Gareth Collier, CFP®| Financial Planner Profile

Blue Chip speaks to Gareth Collier, CFP®, Director at Crue Invest, about his journey as a Certified Financial Planner®.

Gareth Collier, CFP®, Director at Crue Invest

Being in a position to make a positive impact on individuals, their families and businesses is such a joy. 

What inspired you to become a financial planner?

Growing up I had always been good with numeracy and my dad had introduced me to certain finance books from a young age which caught my interest. At that point, I knew I wanted to enter the larger world of business but like most young ambitious people I did not yet have a very clear picture of exactly what I wanted to do. Having completed my undergraduate studies in Financial Management, I tried my hand at a few diverse businesses but was eventually introduced more directly to financial planning by my father-in-law in my mid-20s.  

I immediately enjoyed the combination of direct engagement with individuals and the opportunity to help solve problems, together with the personal freedom to build my own practice. Initially, assisting with the problem-solving of more practical money needs of clients was appealing, but over time my focus and enjoyment has come from exploring clients’ relationship, philosophy with money and the role it plays in their own and their family’s lives.

What prompts clients to come to you? Do you have a niche or distinctive value offering?

Although clients may work primarily with me as their planner, we have intentionally built a diverse practice with a range of specialised skills to provide a comprehensive planning service. Clients are thus enabled to have a relationship with the wider planning practice and not be solely reliant on a single planner. This provides continuity and consistency to clients but also the ability to build an enduring legacy with the practice. We are purposefully creating a planning team across the age spectrum to allow client families to work with the practice across multiple generations. The team then has the insight to understand and best advise clients, their children and grandchildren on the generational of their wealth.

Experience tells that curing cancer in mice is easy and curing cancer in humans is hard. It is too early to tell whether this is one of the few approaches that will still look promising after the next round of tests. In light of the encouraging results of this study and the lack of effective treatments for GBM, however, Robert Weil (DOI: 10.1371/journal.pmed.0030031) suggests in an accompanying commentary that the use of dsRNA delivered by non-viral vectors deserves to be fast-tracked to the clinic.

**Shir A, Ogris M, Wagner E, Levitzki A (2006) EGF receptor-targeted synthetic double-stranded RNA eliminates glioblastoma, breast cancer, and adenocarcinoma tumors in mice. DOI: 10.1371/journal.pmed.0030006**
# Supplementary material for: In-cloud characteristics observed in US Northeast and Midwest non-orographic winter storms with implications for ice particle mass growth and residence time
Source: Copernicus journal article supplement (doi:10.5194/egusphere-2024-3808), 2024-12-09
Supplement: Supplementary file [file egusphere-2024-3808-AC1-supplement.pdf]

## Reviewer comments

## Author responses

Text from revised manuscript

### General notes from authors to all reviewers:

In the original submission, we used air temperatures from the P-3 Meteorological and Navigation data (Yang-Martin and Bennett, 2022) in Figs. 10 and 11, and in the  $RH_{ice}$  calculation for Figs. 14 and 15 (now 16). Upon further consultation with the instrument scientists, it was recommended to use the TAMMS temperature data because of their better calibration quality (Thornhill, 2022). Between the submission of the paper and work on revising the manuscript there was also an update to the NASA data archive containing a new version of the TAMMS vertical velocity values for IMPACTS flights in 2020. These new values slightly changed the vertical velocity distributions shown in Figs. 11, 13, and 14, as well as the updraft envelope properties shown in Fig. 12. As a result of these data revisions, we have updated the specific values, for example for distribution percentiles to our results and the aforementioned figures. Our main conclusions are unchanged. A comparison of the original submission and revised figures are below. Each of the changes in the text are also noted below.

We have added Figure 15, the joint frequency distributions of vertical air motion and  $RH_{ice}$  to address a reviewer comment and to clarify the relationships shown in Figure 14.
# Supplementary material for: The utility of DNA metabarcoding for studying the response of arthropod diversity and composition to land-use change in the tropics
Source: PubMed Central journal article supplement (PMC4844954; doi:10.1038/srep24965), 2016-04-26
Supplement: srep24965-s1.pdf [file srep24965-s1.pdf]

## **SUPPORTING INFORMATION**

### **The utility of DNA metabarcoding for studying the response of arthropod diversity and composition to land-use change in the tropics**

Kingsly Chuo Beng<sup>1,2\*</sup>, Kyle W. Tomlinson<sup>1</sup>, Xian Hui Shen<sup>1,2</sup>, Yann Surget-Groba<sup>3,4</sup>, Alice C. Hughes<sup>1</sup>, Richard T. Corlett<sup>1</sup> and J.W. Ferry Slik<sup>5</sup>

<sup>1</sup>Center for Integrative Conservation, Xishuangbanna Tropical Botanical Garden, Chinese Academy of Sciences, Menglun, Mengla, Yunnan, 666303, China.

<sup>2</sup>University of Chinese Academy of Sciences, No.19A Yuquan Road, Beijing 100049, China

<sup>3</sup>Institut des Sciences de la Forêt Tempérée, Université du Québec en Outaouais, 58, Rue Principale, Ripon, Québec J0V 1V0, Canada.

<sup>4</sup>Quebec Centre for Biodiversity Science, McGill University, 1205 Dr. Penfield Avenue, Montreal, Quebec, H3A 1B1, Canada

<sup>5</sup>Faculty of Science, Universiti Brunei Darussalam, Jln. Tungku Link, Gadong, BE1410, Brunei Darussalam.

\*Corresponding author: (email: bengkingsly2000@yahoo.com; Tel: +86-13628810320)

What do you believe is the most important thing you do for clients?

Whilst money, wealth and a healthy balance sheet are important in our modern society, we should not lose sight of the fact that life is finite and therefore finding a good balance between the two is so vital. Life is certainly dynamic and unpredictable, so when we do our planning and structuring, we try to ensure a reasonable amount of flexibility and access where possible to allow for life’s ever-changing seasons.

What are the biggest mistakes that you see clients make?

Where clients have had bad or unsuitable experiences with advisors, products and/or investment vehicles used, there is a common thread that they did not question the advisor to ensure they fully understood and were in agreement with the implemented recommendations. This can often be a case of not wanting to appear ignorant or dismissive of the advice. Whilst a certain level of trust is ultimately needed, clients should be comfortable and encouraged to ask whatever questions they may have, and as often as needed, to be comfortable with their portfolio.

How do you charge for your services?

We work on an assets-under-management fee scale which we apply across a family’s collective assets with the practice. Our belief is that impactful financial planning occurs when a strong, trusting relationship is built over time and is not best done as a transactional engagement. We have then used this fee model to provide for all our planning and fiduciary services as we do not charge for consultations or explicit implementation or planning fees.

What role does technology play in your practice?